Or they could, you know, make the movies that are nominated available at a reasonable cost through things like NetFlix and Amazon Prime. Then they could profit from all the buzz around the awards.
It has been shown over and over that most people would prefer to obtain their programs legally and will do so willingly if they have the opportunity.
But making the movies available would do two things that MPAA executives can't abide. First, they would give up some control. They love making those complicated licensing agreements and regional marketing schemes. The last thing they want to do is go with a simple system that gives people what they want. Second, they would have to admit that they have been wrong for so many years.
Apparently big banks are the only institutions that are allowed to launder money without penalties. In fairness to the banks, they do seem to do it quite well. Their skill is based on long practice with huge amounts of money. We can't allow anyone to cut into that lucrative business. They probably should get another subsidy.
>>The broadcasters simply want Aereo to pay for the privilege since Aereo is making money off their signal.
That is exactly the kind of zero-sum thinking that causes businesses big problems. The mind-set is that if someone else is making money, I must be loosing it. But the entertainment industry is not a zero-sum game. In this case Aereo has expanded the audience for the broadcasters at essential zero marginal cost to the broadcasters. The actual problem for the broadcasters is that they don't have an easy method of measuring the expanded audience so they can charge advertisers. Those measurements would probably be possible to get, but the broadcasters would have to cooperate with Aereo to get it.
The argument can be made that the broadcasters should be paying Aereo for expanding their market.
The broadcasters can point to another disastrous SCOTUS ruling as a demonstration about dangers of a favorable ruling. They can point to the devastating impact the Betamax ruling had on the entertainment industry.
As local police get more militarized we can expect more of this type of story. Part of the militarization process is training regiments that see the public as the enemy. Ironically this forces citizens to see the militarized police as the enemy. We are in a very deadly spiral.
The police will usually justify this type of shooting as "Officer Safety" concerns. Where is the concern for "Citizen Safety?"
Hence the desire of the big cable companies to merge. They have to do something to make sure they can maintain their monopoly on broadband. They don't want one of the other players to go all "T-Mobile" on them and disrupt the market or demonstrate that there are alternative business models besides forced bundles.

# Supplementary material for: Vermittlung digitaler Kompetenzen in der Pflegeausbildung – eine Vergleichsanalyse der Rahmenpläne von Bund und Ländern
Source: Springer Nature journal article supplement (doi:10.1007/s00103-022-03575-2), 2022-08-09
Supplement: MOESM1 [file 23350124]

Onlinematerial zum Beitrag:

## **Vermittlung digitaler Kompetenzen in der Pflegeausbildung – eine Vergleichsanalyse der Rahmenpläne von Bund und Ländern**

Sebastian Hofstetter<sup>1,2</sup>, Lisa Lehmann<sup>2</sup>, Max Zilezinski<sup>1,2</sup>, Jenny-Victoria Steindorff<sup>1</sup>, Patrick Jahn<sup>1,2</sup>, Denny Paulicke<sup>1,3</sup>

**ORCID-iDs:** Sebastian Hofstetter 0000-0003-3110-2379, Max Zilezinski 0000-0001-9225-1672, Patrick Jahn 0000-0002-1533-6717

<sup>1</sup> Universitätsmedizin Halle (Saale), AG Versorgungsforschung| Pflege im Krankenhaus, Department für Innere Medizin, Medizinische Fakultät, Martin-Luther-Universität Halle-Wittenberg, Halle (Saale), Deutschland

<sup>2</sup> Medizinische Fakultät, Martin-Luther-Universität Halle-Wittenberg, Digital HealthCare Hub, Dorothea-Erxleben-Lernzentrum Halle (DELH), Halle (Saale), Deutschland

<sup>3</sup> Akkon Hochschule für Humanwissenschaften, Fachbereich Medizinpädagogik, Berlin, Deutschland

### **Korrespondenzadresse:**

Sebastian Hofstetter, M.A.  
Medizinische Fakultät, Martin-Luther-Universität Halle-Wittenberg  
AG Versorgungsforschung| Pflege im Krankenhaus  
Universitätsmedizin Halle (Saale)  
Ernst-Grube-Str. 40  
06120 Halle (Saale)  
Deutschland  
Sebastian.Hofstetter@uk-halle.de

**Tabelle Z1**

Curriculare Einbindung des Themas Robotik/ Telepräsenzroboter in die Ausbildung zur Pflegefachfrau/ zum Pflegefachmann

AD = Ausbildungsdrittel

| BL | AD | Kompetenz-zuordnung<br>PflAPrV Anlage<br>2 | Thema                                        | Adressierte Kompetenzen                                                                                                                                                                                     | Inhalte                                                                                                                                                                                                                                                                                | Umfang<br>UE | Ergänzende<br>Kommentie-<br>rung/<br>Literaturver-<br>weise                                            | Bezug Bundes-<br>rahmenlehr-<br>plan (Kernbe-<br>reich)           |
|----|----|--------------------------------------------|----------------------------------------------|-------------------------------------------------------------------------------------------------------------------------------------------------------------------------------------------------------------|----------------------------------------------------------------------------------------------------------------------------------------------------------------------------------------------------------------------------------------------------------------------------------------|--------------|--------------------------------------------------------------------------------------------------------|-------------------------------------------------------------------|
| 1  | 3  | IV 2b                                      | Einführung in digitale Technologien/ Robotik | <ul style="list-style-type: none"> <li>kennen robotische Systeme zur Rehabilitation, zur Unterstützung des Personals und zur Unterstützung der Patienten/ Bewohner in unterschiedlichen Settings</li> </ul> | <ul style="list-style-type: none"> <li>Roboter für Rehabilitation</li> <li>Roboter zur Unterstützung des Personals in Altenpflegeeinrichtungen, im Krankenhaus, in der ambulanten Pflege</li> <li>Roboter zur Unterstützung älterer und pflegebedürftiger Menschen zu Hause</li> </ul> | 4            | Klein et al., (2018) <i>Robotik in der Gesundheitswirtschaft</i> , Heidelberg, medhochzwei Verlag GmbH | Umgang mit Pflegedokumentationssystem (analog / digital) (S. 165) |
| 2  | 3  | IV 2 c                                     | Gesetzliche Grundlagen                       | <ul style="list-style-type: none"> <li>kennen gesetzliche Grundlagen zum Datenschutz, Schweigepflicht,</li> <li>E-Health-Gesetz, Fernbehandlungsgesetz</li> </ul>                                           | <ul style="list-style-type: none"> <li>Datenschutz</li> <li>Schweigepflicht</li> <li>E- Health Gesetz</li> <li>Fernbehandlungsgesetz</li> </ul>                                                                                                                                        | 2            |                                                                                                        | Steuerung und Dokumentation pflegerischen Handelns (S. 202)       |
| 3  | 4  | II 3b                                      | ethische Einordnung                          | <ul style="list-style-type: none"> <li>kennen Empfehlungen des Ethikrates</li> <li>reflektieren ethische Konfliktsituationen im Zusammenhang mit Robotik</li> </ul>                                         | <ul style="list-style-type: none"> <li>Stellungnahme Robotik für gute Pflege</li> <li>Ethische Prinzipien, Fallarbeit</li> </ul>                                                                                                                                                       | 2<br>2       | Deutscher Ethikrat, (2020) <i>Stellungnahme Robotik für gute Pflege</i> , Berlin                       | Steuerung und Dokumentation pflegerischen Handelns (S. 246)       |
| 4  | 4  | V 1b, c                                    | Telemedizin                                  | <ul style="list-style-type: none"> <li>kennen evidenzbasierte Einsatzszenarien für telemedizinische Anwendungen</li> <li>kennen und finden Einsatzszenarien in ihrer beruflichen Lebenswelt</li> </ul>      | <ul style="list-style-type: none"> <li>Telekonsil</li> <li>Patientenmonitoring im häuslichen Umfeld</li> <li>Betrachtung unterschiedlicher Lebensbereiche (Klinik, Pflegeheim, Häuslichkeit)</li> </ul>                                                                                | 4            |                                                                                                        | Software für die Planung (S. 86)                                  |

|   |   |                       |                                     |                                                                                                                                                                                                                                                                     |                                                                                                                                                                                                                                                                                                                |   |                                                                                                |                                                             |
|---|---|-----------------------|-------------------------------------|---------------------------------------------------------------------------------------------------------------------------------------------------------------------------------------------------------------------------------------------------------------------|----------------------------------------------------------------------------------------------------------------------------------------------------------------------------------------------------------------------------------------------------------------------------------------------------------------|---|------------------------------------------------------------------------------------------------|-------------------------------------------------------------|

The mechanisms used in the name of "protecting the children," preventing piracy, and mass surveillance are each a gateway to the other two. Protecting the children is the most palatable to politicians, but once those filters are in place someone will want to add other features such as attempting to block terrorist sites, piracy, defamation of public figures, and political dissent. And the appliances that do the filtering provide a convenient intersection for surveillance.
Similarly, surveillance implemented to fight terrorism will inevitably expand. First, legitimate political dissent becomes indistinguishable from terrorist threats, at least to the people charged with monitoring terrorists. It is also inevitable that information on non-terrorist crimes gets monitored and passed on to enforcement agencies. Apparently the MPAA is now considered a government enforcement agency, so they are going to get data, too.
But did they consider youtube? If we take big content's right to charge for youtube content that they don't hold copyright on, how much would that change their economic outlook? It would be pretty bleak if they could not steal revenue from people singing songs that are in the public domain and similar things.
I backed Obama in the primaries in large part because he was a constitutional lawyer and I saw our civil liberties being eroded. I was impressed that he was one of the few Senators willing to stand up to government surveillance. What happened to that guy?
For local governments the main incentives have been revenue that initially looked less painful than increasing other forms of taxation. Governments are finally realizing that they effectively ship 50% of the communities wealth out of town, and that the cameras were far from painless revenue.
Not all shareholders are created equal. The way executive compensation works means that company executives are big shareholders in one form or another. This gives them a huge incentive to look out for themselves when making corporate decisions. They can look out for themselves and still hide behind a claim that they are looking out for the interests of stockholders.
Unfortunately, this means that "long term" often means the time frame where they can cash out their stock options.
I suspect that AT&T is getting a huge payback for its cooperation with the NSA and other government agencies. There are probably lucrative monetary payments as well as a great deal of influence on policy issues.
Re: Re: Re: Response to: Steve Gaucher on Nov 8th, 2013 @ 6:12pm
Even if he loses trademark protection he can still profit. He just loses the ability to keep other people from also profiting. Actually that could be an interesting thing to watch. It is possible that having more widespread use of the mark might actually make the brand more valuable.